Given that agriculture is a devolved competency, the SNP-Green coalition has the power to take bolder action on land reform. At the very least, the Scottish government should make sustainability and conservation measures mandatory on all agricultural land, ending subsidies to monopoly landowners who should pay for such measures out of their own pockets, and increasing subsidies to cooperatively owned farms, encouraging smaller, sustainable, more local businesses to enter the market and stay afloat. Monopoly landowners who fail to meet the minimum environmental standards should be subject to compulsory purchase orders.
More political will should be placed on overcoming the landed interests blocking the move to tie rents to land productivity. The enabling legislation already exists, so strengthening tenant farmers’ unions and building pressure from below could help to achieve the implementation of the policy.
Land taxation proportionate to the value of the land, as well as substantial inheritance tax, would help tackle the problem of the high concentration of land ownership and would also redistribute the benefits gained from privately owned land, discouraging the use of land for rent-seeking.
Even more radical would be to introduce a cap on land holdings. This has been implemented in other European social democracies and Common Weal have put forward a detailed policy proposal as to how this can be practically achieved through Compulsory Purchase Orders. CPOs are not new and have frequently been used by governments to purchase land and put it to uses more conducive to the public good. Movements towards land reform are already backed by the SNP’s coalition partners. It is now only a question of political will.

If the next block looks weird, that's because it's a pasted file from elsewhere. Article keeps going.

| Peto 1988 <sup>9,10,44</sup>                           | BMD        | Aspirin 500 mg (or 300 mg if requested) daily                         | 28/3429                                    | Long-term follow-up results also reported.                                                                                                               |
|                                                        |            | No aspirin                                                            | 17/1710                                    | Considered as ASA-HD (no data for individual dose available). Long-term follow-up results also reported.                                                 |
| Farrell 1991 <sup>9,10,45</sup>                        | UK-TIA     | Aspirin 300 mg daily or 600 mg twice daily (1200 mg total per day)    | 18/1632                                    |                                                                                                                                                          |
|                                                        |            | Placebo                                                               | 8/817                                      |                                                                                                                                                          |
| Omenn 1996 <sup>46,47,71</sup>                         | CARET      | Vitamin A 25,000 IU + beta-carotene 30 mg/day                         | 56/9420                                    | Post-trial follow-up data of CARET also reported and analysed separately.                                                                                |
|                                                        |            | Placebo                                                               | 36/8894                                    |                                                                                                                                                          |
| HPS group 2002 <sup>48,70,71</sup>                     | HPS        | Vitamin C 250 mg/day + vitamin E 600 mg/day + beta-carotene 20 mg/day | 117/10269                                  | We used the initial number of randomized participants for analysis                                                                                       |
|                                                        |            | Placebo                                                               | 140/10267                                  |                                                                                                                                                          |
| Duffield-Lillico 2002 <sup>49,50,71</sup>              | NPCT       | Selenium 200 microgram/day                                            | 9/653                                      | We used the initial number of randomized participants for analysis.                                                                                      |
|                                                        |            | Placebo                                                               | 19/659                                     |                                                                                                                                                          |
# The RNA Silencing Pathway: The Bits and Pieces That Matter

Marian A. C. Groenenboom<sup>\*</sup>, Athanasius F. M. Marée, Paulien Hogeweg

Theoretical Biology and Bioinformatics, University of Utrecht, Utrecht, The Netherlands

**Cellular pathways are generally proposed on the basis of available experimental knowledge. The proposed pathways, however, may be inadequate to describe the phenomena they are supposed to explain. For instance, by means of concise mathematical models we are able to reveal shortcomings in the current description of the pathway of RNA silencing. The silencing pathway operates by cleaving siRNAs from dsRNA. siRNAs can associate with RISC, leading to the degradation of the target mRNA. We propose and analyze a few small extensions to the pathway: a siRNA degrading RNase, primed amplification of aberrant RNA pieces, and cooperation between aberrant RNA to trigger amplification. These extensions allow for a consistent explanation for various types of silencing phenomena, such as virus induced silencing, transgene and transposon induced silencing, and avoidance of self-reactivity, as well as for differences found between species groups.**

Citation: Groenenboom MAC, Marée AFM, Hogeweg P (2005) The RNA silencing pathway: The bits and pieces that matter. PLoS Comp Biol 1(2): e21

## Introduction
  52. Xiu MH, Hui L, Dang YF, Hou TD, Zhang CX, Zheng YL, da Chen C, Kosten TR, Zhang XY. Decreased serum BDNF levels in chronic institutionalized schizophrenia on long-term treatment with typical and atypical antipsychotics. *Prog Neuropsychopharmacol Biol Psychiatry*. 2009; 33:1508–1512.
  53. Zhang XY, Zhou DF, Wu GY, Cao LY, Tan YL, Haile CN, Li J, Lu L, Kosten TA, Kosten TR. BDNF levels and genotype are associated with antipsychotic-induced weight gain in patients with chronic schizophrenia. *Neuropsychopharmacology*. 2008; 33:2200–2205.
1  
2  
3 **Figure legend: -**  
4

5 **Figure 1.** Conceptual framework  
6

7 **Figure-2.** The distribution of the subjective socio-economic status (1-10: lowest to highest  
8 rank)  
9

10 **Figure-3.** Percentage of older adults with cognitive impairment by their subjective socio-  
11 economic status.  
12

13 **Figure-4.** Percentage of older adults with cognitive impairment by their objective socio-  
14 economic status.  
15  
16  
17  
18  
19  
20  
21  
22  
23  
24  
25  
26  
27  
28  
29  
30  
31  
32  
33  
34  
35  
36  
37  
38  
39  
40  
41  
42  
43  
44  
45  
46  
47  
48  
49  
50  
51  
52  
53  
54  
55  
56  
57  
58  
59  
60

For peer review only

While immigration policy is a competency reserved for the UK government, agricultural subsidies can also be used as a tool to mitigate the exploitation wrought by the Conservatives’ hostile environment and ending of free movement. As per the Scottish Green Party’s manifesto commitment, agricultural employers found in breach of minimum standards for working and living conditions should be penalised with the removal of subsidies.
But more should be done. Current pay and working conditions are dire, particularly for seasonal workers, most of whom pay a fee to be accommodated in caravans on-site on farmland. Modern-day slavery is a problem, especially with seasonal agricultural work. The Scottish government could encourage the building of more permanent housing, with access to cheap, suitable transport methods for seasonal workers, subsidising the costs for smaller farmers.
Subsidies (and the threat of removing them) could also be used to incentivise farmers to pay all workers a living wage set above the minimum wage rate. Funding should be channelled towards accessible migrant support services providing interpretation, advice and free access to legal representation.
Encourage biodiversity and renewable energy generation on agricultural land
Instead of following the EU’s 2050 target for achieving net-zero greenhouse gas emissions, the Scottish government should commit to a 2030 target, given the pace of environmental degradation and Scotland’s legislative autonomy.
The agricultural sector is key to the transition towards renewable energy and net-zero. Alongside a rapid programme of creating new woodlands and rewilding, public, community and cooperatively owned land should qualify to receive large subsidies to promote the development of renewable energy generation, such as wind and solar power, across the land. As Common Weal have suggested, anaerobic digestion plants can help manage waste from agriculture, solar farms can be combined with grazing land for sheep, and offshore wind farms can be constructed on foundations that will become new artificial reefs with room for wave energy machines in coastal areas.
All these actions are within the remit of the Scottish Parliament. The Green-SNP coalition that has talked the talk on radical land, agriculture and climate reforms. Now it’s time to walk the walk.
October 16, 2021